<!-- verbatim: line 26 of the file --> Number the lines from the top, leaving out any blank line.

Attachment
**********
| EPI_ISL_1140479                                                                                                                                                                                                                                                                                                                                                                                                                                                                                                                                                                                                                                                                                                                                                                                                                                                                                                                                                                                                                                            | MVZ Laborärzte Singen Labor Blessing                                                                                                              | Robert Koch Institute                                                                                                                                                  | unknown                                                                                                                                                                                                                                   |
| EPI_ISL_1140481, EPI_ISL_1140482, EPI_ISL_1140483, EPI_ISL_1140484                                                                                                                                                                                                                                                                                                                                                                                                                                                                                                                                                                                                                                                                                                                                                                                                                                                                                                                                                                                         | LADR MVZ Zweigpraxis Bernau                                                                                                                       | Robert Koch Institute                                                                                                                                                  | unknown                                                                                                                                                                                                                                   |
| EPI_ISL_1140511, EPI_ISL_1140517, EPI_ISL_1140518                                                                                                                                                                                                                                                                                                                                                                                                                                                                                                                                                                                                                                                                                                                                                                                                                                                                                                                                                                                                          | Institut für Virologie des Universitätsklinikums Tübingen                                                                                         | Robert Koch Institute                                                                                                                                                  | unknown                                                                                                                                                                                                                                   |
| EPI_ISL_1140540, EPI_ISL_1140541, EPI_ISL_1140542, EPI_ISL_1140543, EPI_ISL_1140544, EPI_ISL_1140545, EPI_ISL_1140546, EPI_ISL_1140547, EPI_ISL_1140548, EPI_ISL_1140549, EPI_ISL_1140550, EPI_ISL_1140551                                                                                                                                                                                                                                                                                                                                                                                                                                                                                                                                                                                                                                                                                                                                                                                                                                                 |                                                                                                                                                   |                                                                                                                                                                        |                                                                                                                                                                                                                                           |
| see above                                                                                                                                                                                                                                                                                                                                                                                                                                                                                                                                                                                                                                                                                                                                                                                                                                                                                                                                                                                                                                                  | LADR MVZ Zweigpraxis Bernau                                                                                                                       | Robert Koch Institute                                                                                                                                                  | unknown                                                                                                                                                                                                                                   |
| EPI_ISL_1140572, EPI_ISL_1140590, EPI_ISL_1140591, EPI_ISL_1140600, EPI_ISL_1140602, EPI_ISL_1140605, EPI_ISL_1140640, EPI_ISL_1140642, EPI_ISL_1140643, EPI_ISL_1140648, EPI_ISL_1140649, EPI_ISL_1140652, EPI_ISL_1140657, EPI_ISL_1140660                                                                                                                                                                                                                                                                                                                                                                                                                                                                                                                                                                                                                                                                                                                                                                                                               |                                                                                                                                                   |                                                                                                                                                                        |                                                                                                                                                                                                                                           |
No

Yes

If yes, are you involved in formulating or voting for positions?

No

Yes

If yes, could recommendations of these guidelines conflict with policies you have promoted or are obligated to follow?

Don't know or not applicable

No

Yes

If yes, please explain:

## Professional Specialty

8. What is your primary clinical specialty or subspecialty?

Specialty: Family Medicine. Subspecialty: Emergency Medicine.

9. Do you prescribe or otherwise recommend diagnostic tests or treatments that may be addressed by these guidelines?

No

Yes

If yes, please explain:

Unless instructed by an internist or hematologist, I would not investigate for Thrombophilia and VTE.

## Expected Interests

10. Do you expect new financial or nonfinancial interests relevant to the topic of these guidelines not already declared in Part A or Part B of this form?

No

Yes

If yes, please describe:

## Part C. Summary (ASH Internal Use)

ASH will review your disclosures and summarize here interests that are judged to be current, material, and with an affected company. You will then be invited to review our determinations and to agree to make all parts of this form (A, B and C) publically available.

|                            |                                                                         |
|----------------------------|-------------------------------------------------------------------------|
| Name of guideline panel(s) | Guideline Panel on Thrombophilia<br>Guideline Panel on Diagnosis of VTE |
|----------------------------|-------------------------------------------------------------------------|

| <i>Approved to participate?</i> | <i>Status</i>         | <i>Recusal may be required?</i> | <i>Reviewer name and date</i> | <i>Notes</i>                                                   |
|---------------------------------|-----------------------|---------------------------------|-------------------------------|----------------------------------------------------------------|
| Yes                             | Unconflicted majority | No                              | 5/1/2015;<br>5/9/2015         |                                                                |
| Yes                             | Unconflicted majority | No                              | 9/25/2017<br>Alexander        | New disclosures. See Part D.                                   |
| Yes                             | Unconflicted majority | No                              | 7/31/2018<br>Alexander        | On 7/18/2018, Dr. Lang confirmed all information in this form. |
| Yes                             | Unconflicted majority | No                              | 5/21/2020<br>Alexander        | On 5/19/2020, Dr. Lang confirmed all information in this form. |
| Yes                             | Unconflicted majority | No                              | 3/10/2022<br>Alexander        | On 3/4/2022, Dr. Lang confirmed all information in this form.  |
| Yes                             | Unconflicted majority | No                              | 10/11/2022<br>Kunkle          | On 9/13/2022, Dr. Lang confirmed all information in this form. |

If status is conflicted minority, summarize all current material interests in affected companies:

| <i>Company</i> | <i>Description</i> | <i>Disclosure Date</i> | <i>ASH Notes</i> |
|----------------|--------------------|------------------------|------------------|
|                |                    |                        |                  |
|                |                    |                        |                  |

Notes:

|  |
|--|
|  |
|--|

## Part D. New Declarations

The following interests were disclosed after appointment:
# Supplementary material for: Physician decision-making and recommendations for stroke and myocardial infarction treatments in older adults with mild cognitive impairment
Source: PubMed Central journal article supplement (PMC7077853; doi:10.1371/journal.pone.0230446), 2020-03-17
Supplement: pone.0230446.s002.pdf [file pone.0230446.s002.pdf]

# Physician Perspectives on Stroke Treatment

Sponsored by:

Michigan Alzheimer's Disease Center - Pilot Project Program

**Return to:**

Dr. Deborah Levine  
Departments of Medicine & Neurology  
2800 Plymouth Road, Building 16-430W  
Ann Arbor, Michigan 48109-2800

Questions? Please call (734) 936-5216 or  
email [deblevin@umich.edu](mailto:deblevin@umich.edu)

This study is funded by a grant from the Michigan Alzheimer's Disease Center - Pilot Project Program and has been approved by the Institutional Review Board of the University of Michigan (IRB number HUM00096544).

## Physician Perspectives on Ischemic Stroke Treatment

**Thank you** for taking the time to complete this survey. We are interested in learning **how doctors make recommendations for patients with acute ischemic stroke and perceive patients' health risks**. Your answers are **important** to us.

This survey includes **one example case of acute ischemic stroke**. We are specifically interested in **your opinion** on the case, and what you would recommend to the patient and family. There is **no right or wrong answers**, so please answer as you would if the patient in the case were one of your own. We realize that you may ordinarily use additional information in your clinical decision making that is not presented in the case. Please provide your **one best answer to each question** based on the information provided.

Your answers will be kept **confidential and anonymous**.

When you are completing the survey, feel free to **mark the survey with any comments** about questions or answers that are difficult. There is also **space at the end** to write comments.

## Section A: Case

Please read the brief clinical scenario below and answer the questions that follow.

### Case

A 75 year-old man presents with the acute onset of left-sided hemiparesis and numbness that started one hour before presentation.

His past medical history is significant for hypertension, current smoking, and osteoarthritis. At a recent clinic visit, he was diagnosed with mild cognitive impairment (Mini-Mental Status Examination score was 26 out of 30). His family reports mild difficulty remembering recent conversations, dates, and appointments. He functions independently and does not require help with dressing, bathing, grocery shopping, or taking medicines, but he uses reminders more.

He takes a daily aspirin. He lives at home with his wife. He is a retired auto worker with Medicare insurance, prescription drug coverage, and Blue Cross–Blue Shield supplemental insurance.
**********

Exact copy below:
10. Do you expect new financial or nonfinancial interests relevant to the topic of these guidelines not already declared in Part A or Part B of this form?